The Astros aren't exactly a success, but they certainly aren't a failure. We bet you didn't see that coming.
Last season, the Twins won 63 games and were widely acknowledged to be a total disaster. But the Twins were baseball’s second-worst team. The Astros were on another level of awful. They won only 56 games, the lowest total of any team since the 2005 Royals. They were the NL’s worst pitching team and the NL’s worst defensive team, and they weren’t much good at offense, either.
That level of futility wasn’t foreseeable. In order to be as awful as they were last season, the Astros had to decline by a whopping 20 wins. In the 1982 Abstract, Bill James observed that a team that declines in one year is likely to improve the next. He called it the Plexiglas Principle.* In most cases, we’d expect a team that fell off by as much as the Astros to bounce back the following year. But the Astros weren’t most cases, and they weren’t supposed to bounce. They were supposed to break through the glass and fall even further.
We shouldn't jump to conclusions about the Astros' decision to move Brett Myers to the bullpen.
By most accounts, owner Jim Crane and general manager Jeff Luhnow have had a strong first offseason with the Astros, putting in place the foundation on which a Houston contender can eventually be built.
Just a week into his tenure, Luhnow sent closer Mark Melancon to the Red Sox for Jed Lowrie and Kyle Weiland. The move drew praise from the baseball community, as the Astros gained a potential everyday infielder and cost-controlled starter in exchange for a reliever. Melancon has great stuff and is under team control for five more years, but he held limited value to the rebuilding Astros, and Luhnow took advantage of a team in need.
Brett Myers has put together an interesting string of starts in his first season with the Astros.
When the Astros signed Brett Myers to a low-risk contract as a free agent in the off-season, the type of reward that could potentially be had was unknown. Though the actual signing itself was about as predictable as the Nationals selecting Stephen Strasburg with the first overall pick in the amateur draft a few months earlier—Astros GM Ed Wade seems to religiously sign ex-Phillies or Phillies farmhands—Myers was coming off of a few fairly enigmatic seasons. From 2003-06, he seemed like the future of the Phillies' rotation, a big-framed and durable righty who threw hard and also featured nasty breaking stuff. He could miss bats and remain accurate with each of his offerings but was yet to overwhelm the opposition. He would not get a chance to take a step forward the following season, either.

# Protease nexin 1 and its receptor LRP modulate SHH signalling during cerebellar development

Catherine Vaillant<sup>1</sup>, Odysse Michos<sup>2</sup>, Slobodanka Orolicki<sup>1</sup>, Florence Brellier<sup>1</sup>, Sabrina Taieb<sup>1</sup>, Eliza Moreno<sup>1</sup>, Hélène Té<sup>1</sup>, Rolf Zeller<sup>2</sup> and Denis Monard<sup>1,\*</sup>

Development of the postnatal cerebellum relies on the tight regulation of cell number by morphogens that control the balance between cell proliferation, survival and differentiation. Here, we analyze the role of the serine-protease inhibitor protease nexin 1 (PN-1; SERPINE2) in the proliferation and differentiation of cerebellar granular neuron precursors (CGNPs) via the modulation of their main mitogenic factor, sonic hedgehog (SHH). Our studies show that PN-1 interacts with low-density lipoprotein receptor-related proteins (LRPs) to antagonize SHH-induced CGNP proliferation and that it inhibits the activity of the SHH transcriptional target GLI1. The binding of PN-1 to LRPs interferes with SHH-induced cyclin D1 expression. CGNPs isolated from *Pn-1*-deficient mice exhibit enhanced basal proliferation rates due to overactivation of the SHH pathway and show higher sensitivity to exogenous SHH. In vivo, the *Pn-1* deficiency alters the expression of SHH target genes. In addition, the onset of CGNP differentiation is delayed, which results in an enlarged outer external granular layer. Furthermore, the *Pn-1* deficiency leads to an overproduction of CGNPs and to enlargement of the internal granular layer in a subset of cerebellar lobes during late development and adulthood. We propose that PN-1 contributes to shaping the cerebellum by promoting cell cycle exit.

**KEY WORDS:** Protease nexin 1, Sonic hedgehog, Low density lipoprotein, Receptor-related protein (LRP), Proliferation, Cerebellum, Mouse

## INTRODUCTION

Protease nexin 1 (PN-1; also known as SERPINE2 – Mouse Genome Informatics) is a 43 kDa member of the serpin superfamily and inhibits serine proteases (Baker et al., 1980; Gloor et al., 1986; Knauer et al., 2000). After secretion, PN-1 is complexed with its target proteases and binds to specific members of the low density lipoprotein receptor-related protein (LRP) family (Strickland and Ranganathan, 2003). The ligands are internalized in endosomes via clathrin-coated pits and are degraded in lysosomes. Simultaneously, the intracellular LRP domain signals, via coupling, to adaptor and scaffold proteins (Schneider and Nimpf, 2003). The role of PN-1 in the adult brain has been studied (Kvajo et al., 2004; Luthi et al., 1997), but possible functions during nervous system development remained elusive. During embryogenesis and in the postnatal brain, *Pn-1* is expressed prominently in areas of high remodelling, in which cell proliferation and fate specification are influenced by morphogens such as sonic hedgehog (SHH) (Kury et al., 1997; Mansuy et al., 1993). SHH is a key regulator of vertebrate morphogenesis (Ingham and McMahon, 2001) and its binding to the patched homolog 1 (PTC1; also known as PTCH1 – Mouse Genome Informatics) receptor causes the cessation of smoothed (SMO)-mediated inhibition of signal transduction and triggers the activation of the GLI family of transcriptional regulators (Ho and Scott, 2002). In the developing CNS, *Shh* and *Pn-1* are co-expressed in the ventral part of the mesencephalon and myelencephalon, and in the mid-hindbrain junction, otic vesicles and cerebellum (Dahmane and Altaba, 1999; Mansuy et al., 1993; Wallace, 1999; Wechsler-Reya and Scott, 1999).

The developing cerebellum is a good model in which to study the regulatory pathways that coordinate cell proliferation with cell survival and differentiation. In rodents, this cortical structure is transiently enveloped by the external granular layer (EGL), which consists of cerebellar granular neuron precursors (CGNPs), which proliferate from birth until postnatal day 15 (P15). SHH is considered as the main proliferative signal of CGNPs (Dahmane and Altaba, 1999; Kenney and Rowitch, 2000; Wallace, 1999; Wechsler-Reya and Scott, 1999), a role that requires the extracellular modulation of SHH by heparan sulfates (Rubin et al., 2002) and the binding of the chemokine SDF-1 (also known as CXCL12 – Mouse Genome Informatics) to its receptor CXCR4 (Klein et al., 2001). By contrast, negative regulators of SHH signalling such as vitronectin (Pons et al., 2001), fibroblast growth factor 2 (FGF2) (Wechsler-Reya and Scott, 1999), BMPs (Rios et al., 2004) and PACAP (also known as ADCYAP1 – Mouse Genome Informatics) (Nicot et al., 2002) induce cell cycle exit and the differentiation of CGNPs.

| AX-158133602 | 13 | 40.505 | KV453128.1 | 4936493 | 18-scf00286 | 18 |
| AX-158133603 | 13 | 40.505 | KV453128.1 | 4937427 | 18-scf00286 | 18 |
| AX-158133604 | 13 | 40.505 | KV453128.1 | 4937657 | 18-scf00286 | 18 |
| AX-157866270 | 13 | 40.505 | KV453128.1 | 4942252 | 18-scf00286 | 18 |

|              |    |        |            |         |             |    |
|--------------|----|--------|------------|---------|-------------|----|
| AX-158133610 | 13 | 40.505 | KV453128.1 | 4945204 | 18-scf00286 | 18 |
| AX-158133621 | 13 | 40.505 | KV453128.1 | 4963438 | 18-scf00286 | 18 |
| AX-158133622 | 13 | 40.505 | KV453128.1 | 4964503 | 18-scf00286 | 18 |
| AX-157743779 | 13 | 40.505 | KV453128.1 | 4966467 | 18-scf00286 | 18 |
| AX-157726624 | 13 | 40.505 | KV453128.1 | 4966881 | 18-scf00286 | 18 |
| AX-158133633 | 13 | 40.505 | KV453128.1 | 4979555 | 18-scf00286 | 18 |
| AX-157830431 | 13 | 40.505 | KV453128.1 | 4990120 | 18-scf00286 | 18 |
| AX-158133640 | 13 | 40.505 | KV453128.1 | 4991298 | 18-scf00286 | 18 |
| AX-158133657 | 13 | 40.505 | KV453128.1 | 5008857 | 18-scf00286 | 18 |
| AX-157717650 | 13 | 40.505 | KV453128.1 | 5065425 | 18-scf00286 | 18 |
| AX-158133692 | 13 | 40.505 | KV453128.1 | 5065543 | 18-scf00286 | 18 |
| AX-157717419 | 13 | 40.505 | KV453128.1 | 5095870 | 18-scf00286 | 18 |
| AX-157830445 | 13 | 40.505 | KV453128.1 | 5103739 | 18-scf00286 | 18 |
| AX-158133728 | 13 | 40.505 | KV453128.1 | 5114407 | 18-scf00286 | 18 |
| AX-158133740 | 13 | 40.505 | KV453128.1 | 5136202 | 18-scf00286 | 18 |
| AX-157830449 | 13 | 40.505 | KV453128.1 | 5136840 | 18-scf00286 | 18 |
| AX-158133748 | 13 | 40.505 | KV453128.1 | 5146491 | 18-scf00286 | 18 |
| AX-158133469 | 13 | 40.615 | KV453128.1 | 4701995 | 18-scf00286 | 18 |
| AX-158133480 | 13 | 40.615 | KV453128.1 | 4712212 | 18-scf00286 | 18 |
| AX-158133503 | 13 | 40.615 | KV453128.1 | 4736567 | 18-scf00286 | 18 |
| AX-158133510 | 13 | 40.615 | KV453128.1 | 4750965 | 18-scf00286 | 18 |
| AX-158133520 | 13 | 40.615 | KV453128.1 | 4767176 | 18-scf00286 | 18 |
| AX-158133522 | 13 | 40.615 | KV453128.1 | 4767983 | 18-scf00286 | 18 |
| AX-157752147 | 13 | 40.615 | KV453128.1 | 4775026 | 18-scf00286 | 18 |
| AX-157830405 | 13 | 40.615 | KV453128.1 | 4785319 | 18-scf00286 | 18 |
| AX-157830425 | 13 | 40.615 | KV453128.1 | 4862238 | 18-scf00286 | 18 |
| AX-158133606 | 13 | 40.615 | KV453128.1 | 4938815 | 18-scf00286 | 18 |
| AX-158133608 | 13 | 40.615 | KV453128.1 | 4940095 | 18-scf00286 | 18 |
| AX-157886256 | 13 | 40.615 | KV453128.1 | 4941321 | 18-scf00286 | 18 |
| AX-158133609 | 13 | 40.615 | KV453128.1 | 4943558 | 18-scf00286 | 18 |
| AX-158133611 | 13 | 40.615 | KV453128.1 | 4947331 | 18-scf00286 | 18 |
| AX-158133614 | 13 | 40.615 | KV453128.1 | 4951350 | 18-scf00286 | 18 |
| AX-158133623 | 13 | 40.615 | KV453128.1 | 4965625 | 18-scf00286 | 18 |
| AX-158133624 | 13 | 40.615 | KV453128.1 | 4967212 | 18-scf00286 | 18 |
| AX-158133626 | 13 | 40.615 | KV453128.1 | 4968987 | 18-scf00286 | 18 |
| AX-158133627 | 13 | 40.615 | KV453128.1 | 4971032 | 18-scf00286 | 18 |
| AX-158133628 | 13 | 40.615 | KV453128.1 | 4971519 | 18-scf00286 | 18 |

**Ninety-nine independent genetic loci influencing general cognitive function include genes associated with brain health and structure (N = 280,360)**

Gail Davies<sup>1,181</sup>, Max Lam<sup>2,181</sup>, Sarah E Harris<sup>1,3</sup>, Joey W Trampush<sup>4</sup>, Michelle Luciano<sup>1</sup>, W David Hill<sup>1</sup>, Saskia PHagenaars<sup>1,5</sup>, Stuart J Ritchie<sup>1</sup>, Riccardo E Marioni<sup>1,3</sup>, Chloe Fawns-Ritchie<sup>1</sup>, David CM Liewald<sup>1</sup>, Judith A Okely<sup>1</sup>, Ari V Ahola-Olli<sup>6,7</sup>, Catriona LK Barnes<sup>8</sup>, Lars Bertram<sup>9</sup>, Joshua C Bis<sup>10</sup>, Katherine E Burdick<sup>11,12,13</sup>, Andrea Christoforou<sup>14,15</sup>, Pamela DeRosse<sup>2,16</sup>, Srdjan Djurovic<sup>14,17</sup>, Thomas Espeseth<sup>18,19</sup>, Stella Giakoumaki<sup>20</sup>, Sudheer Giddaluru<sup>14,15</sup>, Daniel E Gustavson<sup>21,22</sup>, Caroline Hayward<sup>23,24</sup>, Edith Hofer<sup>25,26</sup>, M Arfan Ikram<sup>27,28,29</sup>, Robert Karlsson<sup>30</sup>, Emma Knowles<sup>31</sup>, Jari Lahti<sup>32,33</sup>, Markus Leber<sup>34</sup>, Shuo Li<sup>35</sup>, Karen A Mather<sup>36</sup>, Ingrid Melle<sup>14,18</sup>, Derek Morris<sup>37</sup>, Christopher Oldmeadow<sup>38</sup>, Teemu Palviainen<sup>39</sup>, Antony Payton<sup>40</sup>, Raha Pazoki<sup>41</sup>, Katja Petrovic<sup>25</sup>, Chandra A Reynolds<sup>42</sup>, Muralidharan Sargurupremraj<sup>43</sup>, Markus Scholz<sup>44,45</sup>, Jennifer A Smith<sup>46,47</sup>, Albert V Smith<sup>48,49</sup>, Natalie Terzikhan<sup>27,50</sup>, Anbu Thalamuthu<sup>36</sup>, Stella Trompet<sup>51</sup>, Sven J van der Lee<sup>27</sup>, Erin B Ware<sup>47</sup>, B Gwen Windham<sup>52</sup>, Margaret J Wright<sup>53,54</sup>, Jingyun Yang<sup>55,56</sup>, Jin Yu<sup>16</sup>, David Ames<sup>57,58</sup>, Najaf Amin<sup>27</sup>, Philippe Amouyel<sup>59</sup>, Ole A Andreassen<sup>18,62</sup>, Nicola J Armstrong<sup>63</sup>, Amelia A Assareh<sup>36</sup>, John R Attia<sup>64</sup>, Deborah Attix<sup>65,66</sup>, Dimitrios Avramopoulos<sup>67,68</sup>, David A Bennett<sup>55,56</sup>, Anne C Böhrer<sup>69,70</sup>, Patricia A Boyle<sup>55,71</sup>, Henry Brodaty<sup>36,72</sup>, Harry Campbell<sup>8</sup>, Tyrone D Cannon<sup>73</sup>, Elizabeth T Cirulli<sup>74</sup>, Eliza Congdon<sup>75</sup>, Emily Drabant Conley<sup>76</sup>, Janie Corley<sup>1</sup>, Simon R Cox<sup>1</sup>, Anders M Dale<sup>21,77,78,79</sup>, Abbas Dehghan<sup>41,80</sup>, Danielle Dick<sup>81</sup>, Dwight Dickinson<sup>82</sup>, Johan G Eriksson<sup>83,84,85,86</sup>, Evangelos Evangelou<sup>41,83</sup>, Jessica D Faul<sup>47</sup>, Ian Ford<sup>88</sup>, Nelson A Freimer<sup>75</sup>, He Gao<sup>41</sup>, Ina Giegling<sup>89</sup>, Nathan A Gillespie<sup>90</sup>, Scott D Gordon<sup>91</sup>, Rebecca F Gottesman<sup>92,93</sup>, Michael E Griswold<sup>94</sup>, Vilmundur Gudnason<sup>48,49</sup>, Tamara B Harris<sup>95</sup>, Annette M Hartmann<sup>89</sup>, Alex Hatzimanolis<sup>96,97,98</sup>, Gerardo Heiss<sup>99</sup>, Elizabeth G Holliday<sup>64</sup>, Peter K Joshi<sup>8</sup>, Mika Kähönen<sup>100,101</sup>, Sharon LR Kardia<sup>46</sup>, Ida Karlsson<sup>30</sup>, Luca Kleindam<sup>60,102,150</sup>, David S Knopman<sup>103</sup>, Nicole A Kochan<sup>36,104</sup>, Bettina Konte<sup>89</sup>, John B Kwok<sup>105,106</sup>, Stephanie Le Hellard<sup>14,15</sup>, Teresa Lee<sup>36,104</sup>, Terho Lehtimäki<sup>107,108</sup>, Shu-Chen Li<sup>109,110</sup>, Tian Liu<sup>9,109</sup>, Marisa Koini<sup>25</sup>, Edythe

Because of his bulldog attitude and nasty repertoire, as well as an injury to Tom Gordon, he spent the better portion of the 2007 season as the Phillies' closer, helping them reach the playoffs for the first time since 1993. The next season Myers returned to the rotation and produced league-average numbers across the board, before falling prey to the injury bug in 2009 and splitting time in the starting rotation and the bullpen. Suffice to say, inquiring minds were not sure what the future held for Myers, who had proven himself successful in both roles. All told, he entered the 2010 season as a 29-year old pitcher who had come nowhere near reaching his vast potential. Heck, Myers himself probably didn’t even know what interested suitors had in mind. In our 2010 Baseball Prospectus annual, we even derived a term to describe pitchers similar to Myers:
The Phillies' newfound depth in the rotation might give the club another springboard for post-season success.
The Boston Red Sox entered the season with a surplus of starting pitchers under contract, some of whom were considered to be locks in the rotation, with others serving as insurance policies, spot starters, or deadline chits. Jon Lester, Josh Beckett, and Daisuke Matsuzaka were considered locks, and the final two spots were to split up between Tim Wakefield, Brad Penny, Clay Buchholz, John Smoltz, and Justin Masterson. What a difference a few months make. Dice-K has disappointed and attributed issues to training regimens lost in translation. Wakefield landed on the disabled list with back issues after getting his invitation to the All-Star Game. Penny has shown signs of life but is in the midst of a flaky, up-and-down campaign. Smoltz performed poorly enough that the team actually felt it necessary to sign Paul Byrd, and Masterson joined the Tribe as the main attraction in their return on Victor Martinez. Suffice to say, best-laid plans as they pertain to starting pitching depth are in no way guaranteed to come to fruition, and an abundant supply can become scarce almost overnight.
Brett Myers prevailed over Brewers' ace CC Sabathia by working both sides of the game.
PHILADELPHIA-Brett Myers had retreated to the Phillies' clubhouse after a 20-minute post-game interrogation from the media in the interview room, and then he stood at his locker and made small talk with a few reporters. "All everyone wanted to talk about was my hitting," the right-hander said with a shake of his head. "Didn't anyone realize I pitched tonight, too?"